To capitalize on gum arabic’s socio-economic potential and the Acacia tree’s drought-resistant qualities, the World Bank is supporting Mauritania as it regenerates Acacia trees and expands gum arabic production. Part of the $1.1 billion GEF/World Bank Sahel and West Africa Program (SAWAP) in support of the Great Green Wall Initiative, this project will help restore degraded ecosystems and improve rural livelihoods while helping to stave off encroachment of the Sahara desert. According to the project’s coordinator, Mr. Boubacar Diop of the Ministry of Environment and Sustainable Development, special emphasis is placed on “address[ing] the ecological and socio-economic vulnerability of disadvantaged rural populations to ensure they derive the greatest benefit from gum arabic through promotion of rational and participatory sustainable landscape management techniques.”   

Working with the Mauritanian Ministry of Environment and Sustainable Development, as well as local authorities and communities, SAWAP will strengthen sustainable landscape management in 39 communes in the southern regions of Trarza, Brakna and Gorgol. Geographically positioned at the frontline of the southward-expanding Sahara desert, these regions are home to gum arabic producing ecosystems that help fight desertification, and enrich and retain soil and water.  The Bank’s recent study on inclusive green growth in Mauritania stressed the need to develop income-generating activities linked to renewable natural resources. The project aims to achieve this through trainings and other help to enable the development of a sustainable gum arabic value chain by enhancing access to commercial markets.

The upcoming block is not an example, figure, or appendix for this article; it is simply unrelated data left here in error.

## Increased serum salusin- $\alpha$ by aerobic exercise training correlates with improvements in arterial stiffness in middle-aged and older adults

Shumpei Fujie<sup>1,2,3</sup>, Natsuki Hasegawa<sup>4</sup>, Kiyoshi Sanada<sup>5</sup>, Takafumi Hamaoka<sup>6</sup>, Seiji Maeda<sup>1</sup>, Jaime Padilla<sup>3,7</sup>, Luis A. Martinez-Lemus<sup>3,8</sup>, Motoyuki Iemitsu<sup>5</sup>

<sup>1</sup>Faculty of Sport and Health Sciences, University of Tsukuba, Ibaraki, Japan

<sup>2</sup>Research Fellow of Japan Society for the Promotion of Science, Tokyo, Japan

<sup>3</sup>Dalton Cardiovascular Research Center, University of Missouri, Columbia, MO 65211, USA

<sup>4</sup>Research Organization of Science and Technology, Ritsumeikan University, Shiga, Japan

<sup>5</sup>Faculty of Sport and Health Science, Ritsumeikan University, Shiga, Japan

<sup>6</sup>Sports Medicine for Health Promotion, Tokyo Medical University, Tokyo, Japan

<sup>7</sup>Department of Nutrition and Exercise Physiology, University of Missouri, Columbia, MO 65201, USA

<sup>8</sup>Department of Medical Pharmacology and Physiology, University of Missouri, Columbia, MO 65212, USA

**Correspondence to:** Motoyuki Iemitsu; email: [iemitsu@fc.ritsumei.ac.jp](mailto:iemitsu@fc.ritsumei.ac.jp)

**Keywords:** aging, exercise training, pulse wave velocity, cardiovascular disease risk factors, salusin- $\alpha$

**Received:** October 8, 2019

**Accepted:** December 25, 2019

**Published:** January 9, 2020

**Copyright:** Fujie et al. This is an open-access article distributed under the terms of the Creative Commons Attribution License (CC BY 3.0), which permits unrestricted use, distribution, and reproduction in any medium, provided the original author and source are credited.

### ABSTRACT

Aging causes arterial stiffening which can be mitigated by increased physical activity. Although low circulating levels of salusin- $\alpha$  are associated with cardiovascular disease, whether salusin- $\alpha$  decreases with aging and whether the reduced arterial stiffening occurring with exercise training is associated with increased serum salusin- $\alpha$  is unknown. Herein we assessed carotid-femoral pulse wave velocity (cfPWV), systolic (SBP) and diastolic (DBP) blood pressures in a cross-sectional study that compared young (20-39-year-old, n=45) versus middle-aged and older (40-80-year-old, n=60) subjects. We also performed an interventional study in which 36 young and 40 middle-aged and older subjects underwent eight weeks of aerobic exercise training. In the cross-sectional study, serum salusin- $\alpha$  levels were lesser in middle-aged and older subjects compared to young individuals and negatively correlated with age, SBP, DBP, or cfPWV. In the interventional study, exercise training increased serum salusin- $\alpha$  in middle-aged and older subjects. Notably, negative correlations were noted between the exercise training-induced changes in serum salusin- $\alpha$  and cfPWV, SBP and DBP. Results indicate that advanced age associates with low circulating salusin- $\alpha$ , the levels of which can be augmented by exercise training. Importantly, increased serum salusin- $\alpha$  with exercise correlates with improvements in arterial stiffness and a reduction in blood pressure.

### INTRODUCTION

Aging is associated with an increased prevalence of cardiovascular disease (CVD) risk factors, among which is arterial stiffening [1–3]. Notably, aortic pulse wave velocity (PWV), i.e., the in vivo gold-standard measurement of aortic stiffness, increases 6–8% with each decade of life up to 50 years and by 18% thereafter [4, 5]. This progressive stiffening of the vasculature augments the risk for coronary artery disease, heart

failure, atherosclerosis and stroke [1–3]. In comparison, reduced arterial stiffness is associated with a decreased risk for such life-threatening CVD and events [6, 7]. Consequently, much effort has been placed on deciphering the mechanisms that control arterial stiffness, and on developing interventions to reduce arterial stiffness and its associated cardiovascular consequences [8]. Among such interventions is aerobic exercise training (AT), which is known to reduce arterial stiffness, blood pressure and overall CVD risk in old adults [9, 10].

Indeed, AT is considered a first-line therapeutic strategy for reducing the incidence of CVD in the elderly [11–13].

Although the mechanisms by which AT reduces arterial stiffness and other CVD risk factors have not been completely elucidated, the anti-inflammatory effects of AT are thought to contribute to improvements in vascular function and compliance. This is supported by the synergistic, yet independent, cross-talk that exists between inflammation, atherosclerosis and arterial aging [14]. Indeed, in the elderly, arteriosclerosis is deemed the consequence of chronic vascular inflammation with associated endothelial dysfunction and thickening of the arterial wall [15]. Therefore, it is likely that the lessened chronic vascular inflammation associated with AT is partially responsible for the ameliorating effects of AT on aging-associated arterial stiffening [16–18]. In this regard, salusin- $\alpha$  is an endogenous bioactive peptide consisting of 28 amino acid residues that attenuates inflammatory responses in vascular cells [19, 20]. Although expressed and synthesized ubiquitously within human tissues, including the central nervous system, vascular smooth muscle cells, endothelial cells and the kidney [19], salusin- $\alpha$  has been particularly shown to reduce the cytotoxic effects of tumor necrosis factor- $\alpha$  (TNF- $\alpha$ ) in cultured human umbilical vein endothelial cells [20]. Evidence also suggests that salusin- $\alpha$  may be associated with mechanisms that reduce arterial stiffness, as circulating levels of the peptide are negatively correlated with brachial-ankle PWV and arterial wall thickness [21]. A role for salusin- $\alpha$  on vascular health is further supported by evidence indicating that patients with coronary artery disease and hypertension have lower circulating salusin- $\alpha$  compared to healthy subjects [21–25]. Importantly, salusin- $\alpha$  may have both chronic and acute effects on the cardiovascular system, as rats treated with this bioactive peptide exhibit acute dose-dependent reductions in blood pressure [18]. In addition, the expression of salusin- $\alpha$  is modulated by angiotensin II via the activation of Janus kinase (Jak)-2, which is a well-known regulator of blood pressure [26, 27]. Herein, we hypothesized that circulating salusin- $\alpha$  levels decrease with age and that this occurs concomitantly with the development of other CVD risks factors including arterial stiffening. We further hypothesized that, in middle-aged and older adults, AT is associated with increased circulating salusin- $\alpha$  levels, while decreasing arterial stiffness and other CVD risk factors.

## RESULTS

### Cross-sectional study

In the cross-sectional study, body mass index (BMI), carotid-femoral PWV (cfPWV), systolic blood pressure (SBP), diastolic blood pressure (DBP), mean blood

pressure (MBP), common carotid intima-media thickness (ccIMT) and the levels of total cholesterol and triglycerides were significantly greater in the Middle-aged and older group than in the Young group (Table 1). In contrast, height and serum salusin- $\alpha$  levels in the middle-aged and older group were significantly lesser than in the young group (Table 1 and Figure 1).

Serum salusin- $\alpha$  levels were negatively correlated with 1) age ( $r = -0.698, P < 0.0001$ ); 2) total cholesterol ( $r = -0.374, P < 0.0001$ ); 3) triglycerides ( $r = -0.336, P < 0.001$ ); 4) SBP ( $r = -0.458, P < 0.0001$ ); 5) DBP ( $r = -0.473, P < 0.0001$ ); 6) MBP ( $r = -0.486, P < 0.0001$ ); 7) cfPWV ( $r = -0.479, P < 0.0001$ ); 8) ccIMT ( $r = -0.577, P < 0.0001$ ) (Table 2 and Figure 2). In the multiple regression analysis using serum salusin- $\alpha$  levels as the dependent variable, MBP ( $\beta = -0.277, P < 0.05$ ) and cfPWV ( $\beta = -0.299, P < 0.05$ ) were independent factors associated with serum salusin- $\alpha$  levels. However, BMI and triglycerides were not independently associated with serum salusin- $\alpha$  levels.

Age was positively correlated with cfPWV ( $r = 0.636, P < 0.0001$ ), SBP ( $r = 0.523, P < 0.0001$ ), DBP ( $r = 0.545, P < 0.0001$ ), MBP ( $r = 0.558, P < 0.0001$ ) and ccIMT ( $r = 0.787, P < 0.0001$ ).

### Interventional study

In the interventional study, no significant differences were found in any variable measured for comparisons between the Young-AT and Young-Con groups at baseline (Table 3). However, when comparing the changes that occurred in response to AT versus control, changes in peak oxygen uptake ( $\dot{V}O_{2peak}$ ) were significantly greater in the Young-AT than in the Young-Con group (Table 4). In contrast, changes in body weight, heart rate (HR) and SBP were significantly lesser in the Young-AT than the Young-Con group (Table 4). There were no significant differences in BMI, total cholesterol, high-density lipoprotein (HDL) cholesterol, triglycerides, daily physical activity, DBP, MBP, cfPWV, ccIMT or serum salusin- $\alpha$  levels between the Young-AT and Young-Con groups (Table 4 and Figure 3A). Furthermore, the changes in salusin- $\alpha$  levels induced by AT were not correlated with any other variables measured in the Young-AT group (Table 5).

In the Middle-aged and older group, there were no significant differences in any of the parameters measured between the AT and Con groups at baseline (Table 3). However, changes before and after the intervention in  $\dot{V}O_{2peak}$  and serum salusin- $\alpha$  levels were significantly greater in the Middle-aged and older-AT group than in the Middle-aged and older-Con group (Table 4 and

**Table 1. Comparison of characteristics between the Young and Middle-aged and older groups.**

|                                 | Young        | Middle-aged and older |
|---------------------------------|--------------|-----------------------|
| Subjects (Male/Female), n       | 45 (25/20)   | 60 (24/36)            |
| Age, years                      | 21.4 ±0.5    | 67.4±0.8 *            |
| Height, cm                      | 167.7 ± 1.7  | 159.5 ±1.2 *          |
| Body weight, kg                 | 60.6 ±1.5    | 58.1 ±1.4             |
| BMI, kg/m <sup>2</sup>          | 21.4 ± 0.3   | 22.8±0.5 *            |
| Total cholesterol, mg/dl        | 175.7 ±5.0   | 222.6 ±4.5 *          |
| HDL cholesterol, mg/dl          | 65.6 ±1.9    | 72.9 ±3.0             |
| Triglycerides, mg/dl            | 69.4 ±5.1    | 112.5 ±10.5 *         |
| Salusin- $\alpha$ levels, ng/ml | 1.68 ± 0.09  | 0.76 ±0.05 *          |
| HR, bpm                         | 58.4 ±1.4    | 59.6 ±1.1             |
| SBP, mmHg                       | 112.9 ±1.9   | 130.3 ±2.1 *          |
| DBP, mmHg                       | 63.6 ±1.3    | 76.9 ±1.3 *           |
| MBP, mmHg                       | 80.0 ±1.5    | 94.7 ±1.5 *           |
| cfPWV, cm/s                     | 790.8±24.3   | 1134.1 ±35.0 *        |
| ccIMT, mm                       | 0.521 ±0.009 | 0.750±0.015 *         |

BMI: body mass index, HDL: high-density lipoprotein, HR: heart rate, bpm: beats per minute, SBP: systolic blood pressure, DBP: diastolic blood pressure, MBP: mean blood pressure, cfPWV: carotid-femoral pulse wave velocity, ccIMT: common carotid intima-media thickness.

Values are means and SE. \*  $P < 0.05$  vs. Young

The project will target sites that have Acacia regeneration potential and proximity to villages—like Wabounde, in the region of Brakna. In Mauritania, 70 percent of the poor live in rural areas, where communities struggle to survive in the face of weak agricultural productivity and low and unreliable rainfall.

A potential collaboration with the project could improve the Wabounde community’s livelihood prospects through the production and sale of gum arabic. The people of the village know their long-term prosperity is connected to that of the land. They look forward to a brighter future in which, by providing for themselves, they can help protect the health of the ecosystem for generations to come.